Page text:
The Unexamined Life is not Worth Living


TheUnexamined Life is not Worth Living


Thereare various fundamental comportments that emanate from the Socraticmantra ‘unexamined life is not worth living for human beings’(Johnson, 2011). From this Socrates’ rhetoric the strongestaffirmative case relates to autonomy. It is evident that thestatement points that a person must have a sense of autonomy so thatthey are able to mirror on the life. If a person can not reflect oropts not to reflect on their life and values, and as an alternativeare only going through the life motions , then it is can be said withabsolute certainty and sense that your life is not really yours(Johnson, 2011).

Every person is a cog in the greater machinery of the world and to alarge scale the universe, a mere animal. Life experiences happen toevery person, in some case for better while in others for worse, anddepending on the circumstance and environmental factors triggerquasi-reflective reactions (Johnson, 2011). Nonetheless, a personcannot be a true agent unless they stop and probe their own drive,actions and reactions. This not only provides an opportunity to makeadjustment but also enables human being to reshape their characterinto a form of their own devising, and consequently craft a life thatmakes sense to us as we live it. All these processes cannot takeplace if we do not stop to question our drives, our character, ouractions and conduct and feeling towards various phenomena that weinteract with in our immediate environment (unexamined life)(Johnson, 2011). Therefore to live a meaningful life a person mustfirst and foremost declare it theirs, as well as constantly andactively probe (rational self-examination) it to have a big pictureof our life and give it intrinsic value.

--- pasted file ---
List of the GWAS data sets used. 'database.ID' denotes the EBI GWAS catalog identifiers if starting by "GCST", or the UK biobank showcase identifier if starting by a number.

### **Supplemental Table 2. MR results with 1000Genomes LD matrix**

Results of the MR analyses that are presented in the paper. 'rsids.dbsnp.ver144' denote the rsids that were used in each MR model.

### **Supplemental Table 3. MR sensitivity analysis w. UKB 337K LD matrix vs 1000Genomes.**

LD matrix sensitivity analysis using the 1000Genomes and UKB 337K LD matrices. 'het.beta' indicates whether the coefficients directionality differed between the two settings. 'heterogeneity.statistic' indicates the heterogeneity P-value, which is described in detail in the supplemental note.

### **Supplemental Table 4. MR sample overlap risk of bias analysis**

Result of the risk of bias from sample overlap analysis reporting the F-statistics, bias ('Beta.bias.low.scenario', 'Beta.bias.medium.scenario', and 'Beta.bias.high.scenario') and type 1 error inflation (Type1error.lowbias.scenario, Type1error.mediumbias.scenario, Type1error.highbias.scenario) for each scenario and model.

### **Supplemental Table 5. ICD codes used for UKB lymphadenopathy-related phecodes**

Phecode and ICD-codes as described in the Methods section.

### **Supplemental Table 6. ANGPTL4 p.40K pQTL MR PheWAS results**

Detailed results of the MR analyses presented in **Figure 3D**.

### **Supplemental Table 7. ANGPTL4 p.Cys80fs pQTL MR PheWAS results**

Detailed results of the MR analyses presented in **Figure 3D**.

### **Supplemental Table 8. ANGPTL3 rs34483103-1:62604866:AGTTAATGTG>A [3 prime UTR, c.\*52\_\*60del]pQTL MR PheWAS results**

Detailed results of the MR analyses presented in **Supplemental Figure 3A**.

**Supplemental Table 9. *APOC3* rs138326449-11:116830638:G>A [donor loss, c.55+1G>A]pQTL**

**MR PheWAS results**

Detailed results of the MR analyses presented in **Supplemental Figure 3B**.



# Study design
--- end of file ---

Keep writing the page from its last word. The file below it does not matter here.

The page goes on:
Socraticmantra is very fundamental in the learning process of a PHD studentsince it is important that all aspects as pertains to the scope ofthe doctoral programme are well examined so that they have resonanceto the area pursued.


Johnson,D. (2011). Socratesand Athens.Cambridge: Cambridge University Press.